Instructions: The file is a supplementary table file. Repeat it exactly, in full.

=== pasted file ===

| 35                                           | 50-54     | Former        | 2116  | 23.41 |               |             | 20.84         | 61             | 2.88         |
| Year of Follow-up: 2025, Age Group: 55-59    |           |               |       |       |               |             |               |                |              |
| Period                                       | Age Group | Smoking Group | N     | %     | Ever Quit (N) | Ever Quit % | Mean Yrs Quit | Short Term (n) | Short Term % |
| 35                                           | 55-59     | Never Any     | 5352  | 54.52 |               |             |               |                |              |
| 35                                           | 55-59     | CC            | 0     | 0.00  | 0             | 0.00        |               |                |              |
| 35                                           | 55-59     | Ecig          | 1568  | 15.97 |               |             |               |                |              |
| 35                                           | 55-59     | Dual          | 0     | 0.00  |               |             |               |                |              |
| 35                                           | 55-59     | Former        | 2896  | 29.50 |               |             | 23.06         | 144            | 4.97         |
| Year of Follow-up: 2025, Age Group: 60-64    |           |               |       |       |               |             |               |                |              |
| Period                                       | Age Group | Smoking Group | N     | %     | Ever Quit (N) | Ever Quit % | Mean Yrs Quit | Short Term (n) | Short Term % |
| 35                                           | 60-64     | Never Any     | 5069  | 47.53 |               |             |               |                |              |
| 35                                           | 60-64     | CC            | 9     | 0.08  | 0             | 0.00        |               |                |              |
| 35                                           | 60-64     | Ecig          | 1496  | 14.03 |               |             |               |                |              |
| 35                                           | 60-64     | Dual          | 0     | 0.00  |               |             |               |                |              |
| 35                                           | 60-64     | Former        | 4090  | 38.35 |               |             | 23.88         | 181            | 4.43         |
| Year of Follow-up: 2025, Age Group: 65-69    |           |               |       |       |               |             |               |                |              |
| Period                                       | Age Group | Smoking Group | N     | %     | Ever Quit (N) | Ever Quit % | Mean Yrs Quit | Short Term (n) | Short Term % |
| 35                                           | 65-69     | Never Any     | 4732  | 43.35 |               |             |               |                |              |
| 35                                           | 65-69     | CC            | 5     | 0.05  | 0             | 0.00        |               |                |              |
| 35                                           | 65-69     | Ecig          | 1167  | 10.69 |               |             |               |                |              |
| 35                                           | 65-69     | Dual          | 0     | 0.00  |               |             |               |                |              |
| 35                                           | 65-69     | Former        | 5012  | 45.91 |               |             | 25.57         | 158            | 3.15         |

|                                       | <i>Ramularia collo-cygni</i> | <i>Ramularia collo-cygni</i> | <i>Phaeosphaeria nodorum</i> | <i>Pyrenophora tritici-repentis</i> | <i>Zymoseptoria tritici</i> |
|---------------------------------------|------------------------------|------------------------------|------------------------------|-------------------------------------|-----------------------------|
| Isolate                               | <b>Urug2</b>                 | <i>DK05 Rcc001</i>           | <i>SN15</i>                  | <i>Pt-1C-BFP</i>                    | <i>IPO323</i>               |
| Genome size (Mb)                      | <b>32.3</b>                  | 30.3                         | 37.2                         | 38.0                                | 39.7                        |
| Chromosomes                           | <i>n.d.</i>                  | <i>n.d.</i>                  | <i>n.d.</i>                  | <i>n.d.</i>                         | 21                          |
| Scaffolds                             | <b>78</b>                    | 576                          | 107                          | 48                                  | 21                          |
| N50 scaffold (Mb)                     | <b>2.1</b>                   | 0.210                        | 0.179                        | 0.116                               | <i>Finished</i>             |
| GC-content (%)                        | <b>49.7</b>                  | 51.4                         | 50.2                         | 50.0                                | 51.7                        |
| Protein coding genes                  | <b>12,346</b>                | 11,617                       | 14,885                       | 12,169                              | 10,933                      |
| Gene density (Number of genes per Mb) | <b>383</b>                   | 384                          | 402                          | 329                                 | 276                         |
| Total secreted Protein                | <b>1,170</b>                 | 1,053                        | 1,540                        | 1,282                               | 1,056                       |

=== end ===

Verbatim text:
| 35                                           | 50-54     | Former        | 2116  | 23.41 |               |             | 20.84         | 61             | 2.88         |
| Year of Follow-up: 2025, Age Group: 55-59    |           |               |       |       |               |             |               |                |              |
| Period                                       | Age Group | Smoking Group | N     | %     | Ever Quit (N) | Ever Quit % | Mean Yrs Quit | Short Term (n) | Short Term % |
| 35                                           | 55-59     | Never Any     | 5352  | 54.52 |               |             |               |                |              |
| 35                                           | 55-59     | CC            | 0     | 0.00  | 0             | 0.00        |               |                |              |
| 35                                           | 55-59     | Ecig          | 1568  | 15.97 |               |             |               |                |              |
| 35                                           | 55-59     | Dual          | 0     | 0.00  |               |             |               |                |              |
| 35                                           | 55-59     | Former        | 2896  | 29.50 |               |             | 23.06         | 144            | 4.97         |
| Year of Follow-up: 2025, Age Group: 60-64    |           |               |       |       |               |             |               |                |              |
| Period                                       | Age Group | Smoking Group | N     | %     | Ever Quit (N) | Ever Quit % | Mean Yrs Quit | Short Term (n) | Short Term % |
| 35                                           | 60-64     | Never Any     | 5069  | 47.53 |               |             |               |                |              |
| 35                                           | 60-64     | CC            | 9     | 0.08  | 0             | 0.00        |               |                |              |
| 35                                           | 60-64     | Ecig          | 1496  | 14.03 |               |             |               |                |              |
| 35                                           | 60-64     | Dual          | 0     | 0.00  |               |             |               |                |              |
| 35                                           | 60-64     | Former        | 4090  | 38.35 |               |             | 23.88         | 181            | 4.43         |
| Year of Follow-up: 2025, Age Group: 65-69    |           |               |       |       |               |             |               |                |              |
| Period                                       | Age Group | Smoking Group | N     | %     | Ever Quit (N) | Ever Quit % | Mean Yrs Quit | Short Term (n) | Short Term % |
| 35                                           | 65-69     | Never Any     | 4732  | 43.35 |               |             |               |                |              |
| 35                                           | 65-69     | CC            | 5     | 0.05  | 0             | 0.00        |               |                |              |
| 35                                           | 65-69     | Ecig          | 1167  | 10.69 |               |             |               |                |              |
| 35                                           | 65-69     | Dual          | 0     | 0.00  |               |             |               |                |              |
| 35                                           | 65-69     | Former        | 5012  | 45.91 |               |             | 25.57         | 158            | 3.15         |

|                                       | <i>Ramularia collo-cygni</i> | <i>Ramularia collo-cygni</i> | <i>Phaeosphaeria nodorum</i> | <i>Pyrenophora tritici-repentis</i> | <i>Zymoseptoria tritici</i> |
|---------------------------------------|------------------------------|------------------------------|------------------------------|-------------------------------------|-----------------------------|
| Isolate                               | <b>Urug2</b>                 | <i>DK05 Rcc001</i>           | <i>SN15</i>                  | <i>Pt-1C-BFP</i>                    | <i>IPO323</i>               |
| Genome size (Mb)                      | <b>32.3</b>                  | 30.3                         | 37.2                         | 38.0                                | 39.7                        |
| Chromosomes                           | <i>n.d.</i>                  | <i>n.d.</i>                  | <i>n.d.</i>                  | <i>n.d.</i>                         | 21                          |
| Scaffolds                             | <b>78</b>                    | 576                          | 107                          | 48                                  | 21                          |
| N50 scaffold (Mb)                     | <b>2.1</b>                   | 0.210                        | 0.179                        | 0.116                               | <i>Finished</i>             |
| GC-content (%)                        | <b>49.7</b>                  | 51.4                         | 50.2                         | 50.0                                | 51.7                        |
| Protein coding genes                  | <b>12,346</b>                | 11,617                       | 14,885                       | 12,169                              | 10,933                      |
| Gene density (Number of genes per Mb) | <b>383</b>                   | 384                          | 402                          | 329                                 | 276                         |
| Total secreted Protein                | <b>1,170</b>                 | 1,053                        | 1,540                        | 1,282                               | 1,056                       |